## Randomization Test

The F-tests (and t-tests) rely on the Normal error assumption.

In a randomized experiment, the randomization provides a basis for inference (no i.i.d sampling from populations required) and results in **randomization tests**.

The same procedure can be used in observational studies, with the assumption that nature ran the experiment for you, i.e. it’s like units were assigned to values of the explanatory variables at random.

Some people call randomization tests used for observational data, **permutation tests**.

## Your Turn

What are the key ingredients in an hypothesis test?

## Hypothesis Testing

## Randomization Test

*(Overall F-test example)*

**Model:** Randomized experiment

**Null:** Treatments have no effect on response

**Test statistic:** *(Up to us)* Let’s use overall regression F-statistic.

**Null distribution:** Randomization distribution of the test statistic.

## The randomized experiment model

\(n\) experimental units \[ u_1 \quad u_2 \quad \ldots \quad u_n \]

\[ X = \begin{pmatrix} 1 & x_{11} & \ldots & x_{1(p-1)} \\ \vdots & \vdots & \ddots & \vdots \\ 1 & x_{n1} & \ldots & x_{n(p-1)} \end{pmatrix} \] \[ y = \begin{pmatrix} y_1 \\ \vdots \\ y_n \end{pmatrix} \] \(y_i\) the observed response for the the unit that was randomly assigned to the \(i\)th row of the design matrix.

## Example: Growing tomatoes

\(n\) experimental units

\[ X = \begin{pmatrix} 1 & 1 & 1 \\ 1 & 1 & 0 \\ 1 & 1 & 0 \\ 1 & 0 & 0 \\ 1 & 0 & 1 \\ 1 & 0 & 1 \end{pmatrix} \] \[ y = \begin{pmatrix} 8 \\ 6 \\ 2 \\ 9 \\ 7 \\ 4 \end{pmatrix} \]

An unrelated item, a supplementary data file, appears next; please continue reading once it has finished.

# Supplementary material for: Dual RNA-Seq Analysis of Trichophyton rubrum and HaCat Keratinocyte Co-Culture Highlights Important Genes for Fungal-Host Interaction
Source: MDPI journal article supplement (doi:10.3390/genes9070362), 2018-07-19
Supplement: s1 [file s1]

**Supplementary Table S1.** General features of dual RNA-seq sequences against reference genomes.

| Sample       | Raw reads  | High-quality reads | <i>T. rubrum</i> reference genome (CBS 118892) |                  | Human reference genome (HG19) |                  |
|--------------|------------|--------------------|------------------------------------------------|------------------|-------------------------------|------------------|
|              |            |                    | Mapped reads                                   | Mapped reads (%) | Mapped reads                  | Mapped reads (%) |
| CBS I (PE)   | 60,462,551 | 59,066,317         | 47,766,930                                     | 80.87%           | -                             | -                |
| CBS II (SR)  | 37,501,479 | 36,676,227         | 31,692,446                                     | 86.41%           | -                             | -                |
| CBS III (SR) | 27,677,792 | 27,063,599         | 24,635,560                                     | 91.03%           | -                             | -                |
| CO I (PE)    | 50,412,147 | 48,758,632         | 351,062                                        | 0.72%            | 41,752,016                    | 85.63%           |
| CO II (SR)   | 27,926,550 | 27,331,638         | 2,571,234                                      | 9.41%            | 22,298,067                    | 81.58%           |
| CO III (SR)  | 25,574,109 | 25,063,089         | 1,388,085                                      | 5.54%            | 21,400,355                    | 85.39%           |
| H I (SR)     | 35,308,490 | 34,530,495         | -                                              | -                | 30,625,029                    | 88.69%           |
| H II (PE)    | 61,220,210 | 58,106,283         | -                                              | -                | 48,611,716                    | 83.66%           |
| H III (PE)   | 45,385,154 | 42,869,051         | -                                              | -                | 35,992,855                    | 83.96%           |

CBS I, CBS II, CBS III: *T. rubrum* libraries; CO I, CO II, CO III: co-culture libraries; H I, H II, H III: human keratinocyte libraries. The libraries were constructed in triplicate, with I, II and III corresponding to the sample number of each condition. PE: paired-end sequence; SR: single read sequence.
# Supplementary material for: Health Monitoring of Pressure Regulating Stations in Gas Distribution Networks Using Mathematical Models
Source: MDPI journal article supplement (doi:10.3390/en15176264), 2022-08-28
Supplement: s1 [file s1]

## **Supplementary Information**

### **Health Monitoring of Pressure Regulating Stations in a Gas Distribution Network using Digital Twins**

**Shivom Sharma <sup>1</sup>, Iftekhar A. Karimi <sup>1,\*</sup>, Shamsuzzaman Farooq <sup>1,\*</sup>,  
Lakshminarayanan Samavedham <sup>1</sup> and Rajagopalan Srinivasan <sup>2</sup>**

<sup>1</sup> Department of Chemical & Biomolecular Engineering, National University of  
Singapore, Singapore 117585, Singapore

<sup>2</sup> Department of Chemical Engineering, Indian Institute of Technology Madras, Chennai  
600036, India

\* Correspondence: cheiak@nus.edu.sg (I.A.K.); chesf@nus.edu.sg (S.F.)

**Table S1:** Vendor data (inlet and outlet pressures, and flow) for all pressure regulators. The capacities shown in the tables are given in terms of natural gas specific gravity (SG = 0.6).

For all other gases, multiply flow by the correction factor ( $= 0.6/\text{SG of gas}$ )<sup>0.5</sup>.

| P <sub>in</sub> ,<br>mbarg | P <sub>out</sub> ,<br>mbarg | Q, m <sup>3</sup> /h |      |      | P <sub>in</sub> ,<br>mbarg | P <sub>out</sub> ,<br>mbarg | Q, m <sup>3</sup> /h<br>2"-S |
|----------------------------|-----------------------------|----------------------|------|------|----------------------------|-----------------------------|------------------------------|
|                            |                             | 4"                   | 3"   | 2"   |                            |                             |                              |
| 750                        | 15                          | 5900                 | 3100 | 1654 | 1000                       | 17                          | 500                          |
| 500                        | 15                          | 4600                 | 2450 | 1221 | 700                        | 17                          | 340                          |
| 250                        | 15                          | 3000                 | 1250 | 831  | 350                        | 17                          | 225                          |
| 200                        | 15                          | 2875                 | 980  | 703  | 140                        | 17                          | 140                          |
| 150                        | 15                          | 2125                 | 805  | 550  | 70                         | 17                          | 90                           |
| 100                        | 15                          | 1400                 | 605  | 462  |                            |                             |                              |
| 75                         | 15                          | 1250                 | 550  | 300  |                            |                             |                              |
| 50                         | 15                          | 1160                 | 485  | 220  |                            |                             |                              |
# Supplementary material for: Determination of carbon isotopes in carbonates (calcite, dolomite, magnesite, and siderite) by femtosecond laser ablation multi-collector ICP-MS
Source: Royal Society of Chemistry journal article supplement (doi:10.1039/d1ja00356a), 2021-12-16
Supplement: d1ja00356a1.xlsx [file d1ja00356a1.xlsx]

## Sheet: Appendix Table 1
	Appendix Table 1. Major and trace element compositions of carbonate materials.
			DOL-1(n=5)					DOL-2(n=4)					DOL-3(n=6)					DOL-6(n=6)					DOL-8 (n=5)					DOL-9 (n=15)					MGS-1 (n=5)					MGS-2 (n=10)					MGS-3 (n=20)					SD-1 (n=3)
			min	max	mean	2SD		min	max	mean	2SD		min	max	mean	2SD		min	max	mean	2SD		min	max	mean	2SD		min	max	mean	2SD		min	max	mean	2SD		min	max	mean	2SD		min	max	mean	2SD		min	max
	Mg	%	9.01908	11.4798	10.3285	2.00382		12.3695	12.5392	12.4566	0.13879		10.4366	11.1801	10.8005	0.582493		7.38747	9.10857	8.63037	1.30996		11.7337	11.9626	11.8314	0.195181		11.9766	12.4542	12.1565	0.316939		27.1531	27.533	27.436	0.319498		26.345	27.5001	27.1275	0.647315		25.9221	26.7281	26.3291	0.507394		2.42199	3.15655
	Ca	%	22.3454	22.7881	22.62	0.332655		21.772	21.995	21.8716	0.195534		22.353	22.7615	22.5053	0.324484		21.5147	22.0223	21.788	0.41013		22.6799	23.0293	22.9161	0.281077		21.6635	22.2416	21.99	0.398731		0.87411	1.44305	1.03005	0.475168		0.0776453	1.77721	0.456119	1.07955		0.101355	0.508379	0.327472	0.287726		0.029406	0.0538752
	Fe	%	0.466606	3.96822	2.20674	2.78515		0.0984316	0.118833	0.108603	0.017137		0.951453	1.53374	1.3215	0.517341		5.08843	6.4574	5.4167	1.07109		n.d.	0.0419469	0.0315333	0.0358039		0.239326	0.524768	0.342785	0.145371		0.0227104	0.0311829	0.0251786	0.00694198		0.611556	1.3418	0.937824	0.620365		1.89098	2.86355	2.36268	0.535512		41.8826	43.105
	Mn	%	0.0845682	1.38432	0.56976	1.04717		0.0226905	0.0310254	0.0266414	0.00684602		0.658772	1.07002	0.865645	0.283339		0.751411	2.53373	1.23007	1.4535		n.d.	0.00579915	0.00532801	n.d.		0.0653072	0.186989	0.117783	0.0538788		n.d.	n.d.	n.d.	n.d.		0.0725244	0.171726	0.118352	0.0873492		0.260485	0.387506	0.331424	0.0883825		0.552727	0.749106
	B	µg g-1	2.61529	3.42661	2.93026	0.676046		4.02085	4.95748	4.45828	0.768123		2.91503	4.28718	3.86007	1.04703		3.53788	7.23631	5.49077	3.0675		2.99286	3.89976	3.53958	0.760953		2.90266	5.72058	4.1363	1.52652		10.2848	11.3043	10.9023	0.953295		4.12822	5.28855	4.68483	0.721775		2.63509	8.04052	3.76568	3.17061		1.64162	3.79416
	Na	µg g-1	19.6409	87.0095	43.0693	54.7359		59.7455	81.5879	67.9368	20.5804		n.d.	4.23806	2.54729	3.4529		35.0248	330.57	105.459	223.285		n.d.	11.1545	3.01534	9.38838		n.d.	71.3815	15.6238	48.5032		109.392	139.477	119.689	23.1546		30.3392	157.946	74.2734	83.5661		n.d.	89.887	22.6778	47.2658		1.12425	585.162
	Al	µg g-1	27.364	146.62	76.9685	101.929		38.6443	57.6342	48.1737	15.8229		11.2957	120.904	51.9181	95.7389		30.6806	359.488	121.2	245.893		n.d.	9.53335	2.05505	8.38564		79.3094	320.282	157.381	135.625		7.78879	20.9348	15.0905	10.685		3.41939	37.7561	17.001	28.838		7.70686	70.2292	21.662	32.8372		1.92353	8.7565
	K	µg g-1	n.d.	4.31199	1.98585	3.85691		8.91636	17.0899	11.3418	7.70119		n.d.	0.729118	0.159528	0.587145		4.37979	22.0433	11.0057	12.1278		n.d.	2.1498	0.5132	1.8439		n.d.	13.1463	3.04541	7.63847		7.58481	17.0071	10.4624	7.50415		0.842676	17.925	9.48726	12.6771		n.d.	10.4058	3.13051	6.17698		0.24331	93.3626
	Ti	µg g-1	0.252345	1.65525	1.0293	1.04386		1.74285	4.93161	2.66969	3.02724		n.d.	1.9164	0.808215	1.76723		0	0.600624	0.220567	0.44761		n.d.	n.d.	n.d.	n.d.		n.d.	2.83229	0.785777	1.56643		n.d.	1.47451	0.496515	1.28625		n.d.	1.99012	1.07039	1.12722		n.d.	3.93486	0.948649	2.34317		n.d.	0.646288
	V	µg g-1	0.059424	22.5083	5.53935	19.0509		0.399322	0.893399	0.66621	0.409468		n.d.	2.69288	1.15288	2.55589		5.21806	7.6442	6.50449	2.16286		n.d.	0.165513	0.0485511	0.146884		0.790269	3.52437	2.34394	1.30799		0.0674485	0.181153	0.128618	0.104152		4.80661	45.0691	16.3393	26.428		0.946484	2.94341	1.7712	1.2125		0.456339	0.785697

## Null distribution

If the null is true, treatments have no effect on response.

\[ y = \begin{pmatrix} y_1 \\ \vdots \\ y_n \end{pmatrix} \]

\(y_i\) the observed response for the the unit that was randomly assigned to the \(i\)th row of the design matrix.

If the null is true, I see the same set of \(y_i\), just in different order based on the output of my randomizing units to treatment.

**Null distribution:** the distribution of the test-statistic for all permutations of \(y_i\)

## An equally likely output of the tomato growing experiment

\(n\) experimental units

\[ X = \begin{pmatrix} 1 & 1 & 1 \\ 1 & 1 & 0 \\ 1 & 1 & 0 \\ 1 & 0 & 0 \\ 1 & 0 & 1 \\ 1 & 0 & 1 \end{pmatrix} \] \[ y = \begin{pmatrix} 6 \\ 8 \\ 2 \\ 9 \\ 7 \\ 4 \end{pmatrix} \]

## The null distribution

Observed data gives overall F-statistic: 0.132

Equally likely outcomes under the null hypothesis: \[ \begin{pmatrix} 8 \\ 6 \\ 2 \\ 9 \\ 7 \\ 4 \end{pmatrix}, \begin{pmatrix} 6 \\ 8 \\ 2 \\ 9 \\ 7 \\ 4 \end{pmatrix}, \begin{pmatrix} 2 \\ 6 \\ 8 \\ 9 \\ 7 \\ 4 \end{pmatrix}, \begin{pmatrix} 6 \\ 2 \\ 8 \\ 9 \\ 7 \\ 4 \end{pmatrix}, \quad \text{ +716 other possibilities} \]

Equally likely F-statistics under the null hypothesis:

\[ 0.132, \,0.244, \,5.534, \,0.244 \hspace{2in} \]

## The null distribution

\(624/720 = 0.87\)

## Faraway: Galapagos

In lab:

```
library(faraway)
lmod_small <- lm(Species ~ Nearest + Scruz,
data = gala)
lms <- summary(lmod_small)
obs_fstat <- lms$fstat[1]
nperms <- 4000
fstats <- numeric(nperms)
for (i in 1:nperms){
lmods <- lm(sample(Species) ~ Nearest + Scruz,
data = gala)
fstats[i] <- summary(lmods)$fstat[1]
}
```

## In practice

Easiest to justify when you actually have a randomized experiment

The choice of test statistic can be important for useful performance and interpretation:

For example, if the treatments affect the variance of the response, not the means, using the overall F-stat may fail to reject the null (treatment has no effect) with high probability even when sample sizes are large.

Sometimes it’s reasonable to add an assumption on the alternative, i.e. treatments have an additive effect.